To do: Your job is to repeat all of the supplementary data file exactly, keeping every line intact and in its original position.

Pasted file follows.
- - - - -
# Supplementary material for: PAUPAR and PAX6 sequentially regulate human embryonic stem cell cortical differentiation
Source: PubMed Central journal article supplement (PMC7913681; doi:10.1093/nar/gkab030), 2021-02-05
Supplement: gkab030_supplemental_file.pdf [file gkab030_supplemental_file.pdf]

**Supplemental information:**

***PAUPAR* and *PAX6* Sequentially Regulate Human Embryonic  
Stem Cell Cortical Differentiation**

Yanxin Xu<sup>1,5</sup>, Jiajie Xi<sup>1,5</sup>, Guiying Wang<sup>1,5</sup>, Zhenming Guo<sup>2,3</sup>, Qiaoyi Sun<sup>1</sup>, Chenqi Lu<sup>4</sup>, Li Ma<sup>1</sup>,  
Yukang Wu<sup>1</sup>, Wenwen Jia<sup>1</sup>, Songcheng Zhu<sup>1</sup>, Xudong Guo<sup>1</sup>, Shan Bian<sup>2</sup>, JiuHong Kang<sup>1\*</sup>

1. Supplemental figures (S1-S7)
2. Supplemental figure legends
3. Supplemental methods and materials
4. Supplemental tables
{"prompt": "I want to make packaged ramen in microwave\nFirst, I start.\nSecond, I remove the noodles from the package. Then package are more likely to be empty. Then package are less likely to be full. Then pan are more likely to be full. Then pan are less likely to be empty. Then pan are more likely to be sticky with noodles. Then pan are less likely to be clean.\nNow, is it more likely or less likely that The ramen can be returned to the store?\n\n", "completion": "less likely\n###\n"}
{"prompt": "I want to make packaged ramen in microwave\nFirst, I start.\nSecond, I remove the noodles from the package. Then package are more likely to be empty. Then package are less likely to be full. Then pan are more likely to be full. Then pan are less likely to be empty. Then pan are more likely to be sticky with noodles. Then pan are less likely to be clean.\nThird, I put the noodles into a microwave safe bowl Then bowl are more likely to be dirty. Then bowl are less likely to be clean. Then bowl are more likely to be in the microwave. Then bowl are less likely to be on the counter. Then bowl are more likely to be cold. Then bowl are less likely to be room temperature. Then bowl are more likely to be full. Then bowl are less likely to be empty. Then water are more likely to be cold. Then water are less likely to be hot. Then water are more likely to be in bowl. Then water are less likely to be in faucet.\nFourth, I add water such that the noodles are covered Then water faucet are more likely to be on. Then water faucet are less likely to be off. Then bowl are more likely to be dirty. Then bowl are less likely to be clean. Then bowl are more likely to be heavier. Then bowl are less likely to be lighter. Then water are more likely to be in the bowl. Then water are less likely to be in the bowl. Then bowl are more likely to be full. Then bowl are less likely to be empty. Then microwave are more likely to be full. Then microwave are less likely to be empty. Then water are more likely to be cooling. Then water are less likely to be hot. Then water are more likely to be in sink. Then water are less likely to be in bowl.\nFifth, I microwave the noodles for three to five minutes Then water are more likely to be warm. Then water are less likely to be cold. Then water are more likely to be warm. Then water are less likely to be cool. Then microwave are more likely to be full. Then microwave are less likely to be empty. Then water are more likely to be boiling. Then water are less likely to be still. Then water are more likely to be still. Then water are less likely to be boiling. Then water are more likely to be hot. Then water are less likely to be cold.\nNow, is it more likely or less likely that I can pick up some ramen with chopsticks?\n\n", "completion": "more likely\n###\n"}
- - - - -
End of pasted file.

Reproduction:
# Supplementary material for: PAUPAR and PAX6 sequentially regulate human embryonic stem cell cortical differentiation
Source: PubMed Central journal article supplement (PMC7913681; doi:10.1093/nar/gkab030), 2021-02-05
Supplement: gkab030_supplemental_file.pdf [file gkab030_supplemental_file.pdf]

**Supplemental information:**

***PAUPAR* and *PAX6* Sequentially Regulate Human Embryonic  
Stem Cell Cortical Differentiation**

Yanxin Xu<sup>1,5</sup>, Jiajie Xi<sup>1,5</sup>, Guiying Wang<sup>1,5</sup>, Zhenming Guo<sup>2,3</sup>, Qiaoyi Sun<sup>1</sup>, Chenqi Lu<sup>4</sup>, Li Ma<sup>1</sup>,  
Yukang Wu<sup>1</sup>, Wenwen Jia<sup>1</sup>, Songcheng Zhu<sup>1</sup>, Xudong Guo<sup>1</sup>, Shan Bian<sup>2</sup>, JiuHong Kang<sup>1\*</sup>

1. Supplemental figures (S1-S7)
2. Supplemental figure legends
3. Supplemental methods and materials
4. Supplemental tables
{"prompt": "I want to make packaged ramen in microwave\nFirst, I start.\nSecond, I remove the noodles from the package. Then package are more likely to be empty. Then package are less likely to be full. Then pan are more likely to be full. Then pan are less likely to be empty. Then pan are more likely to be sticky with noodles. Then pan are less likely to be clean.\nNow, is it more likely or less likely that The ramen can be returned to the store?\n\n", "completion": "less likely\n###\n"}
{"prompt": "I want to make packaged ramen in microwave\nFirst, I start.\nSecond, I remove the noodles from the package. Then package are more likely to be empty. Then package are less likely to be full. Then pan are more likely to be full. Then pan are less likely to be empty. Then pan are more likely to be sticky with noodles. Then pan are less likely to be clean.\nThird, I put the noodles into a microwave safe bowl Then bowl are more likely to be dirty. Then bowl are less likely to be clean. Then bowl are more likely to be in the microwave. Then bowl are less likely to be on the counter. Then bowl are more likely to be cold. Then bowl are less likely to be room temperature. Then bowl are more likely to be full. Then bowl are less likely to be empty. Then water are more likely to be cold. Then water are less likely to be hot. Then water are more likely to be in bowl. Then water are less likely to be in faucet.\nFourth, I add water such that the noodles are covered Then water faucet are more likely to be on. Then water faucet are less likely to be off. Then bowl are more likely to be dirty. Then bowl are less likely to be clean. Then bowl are more likely to be heavier. Then bowl are less likely to be lighter. Then water are more likely to be in the bowl. Then water are less likely to be in the bowl. Then bowl are more likely to be full. Then bowl are less likely to be empty. Then microwave are more likely to be full. Then microwave are less likely to be empty. Then water are more likely to be cooling. Then water are less likely to be hot. Then water are more likely to be in sink. Then water are less likely to be in bowl.\nFifth, I microwave the noodles for three to five minutes Then water are more likely to be warm. Then water are less likely to be cold. Then water are more likely to be warm. Then water are less likely to be cool. Then microwave are more likely to be full. Then microwave are less likely to be empty. Then water are more likely to be boiling. Then water are less likely to be still. Then water are more likely to be still. Then water are less likely to be boiling. Then water are more likely to be hot. Then water are less likely to be cold.\nNow, is it more likely or less likely that I can pick up some ramen with chopsticks?\n\n", "completion": "more likely\n###\n"}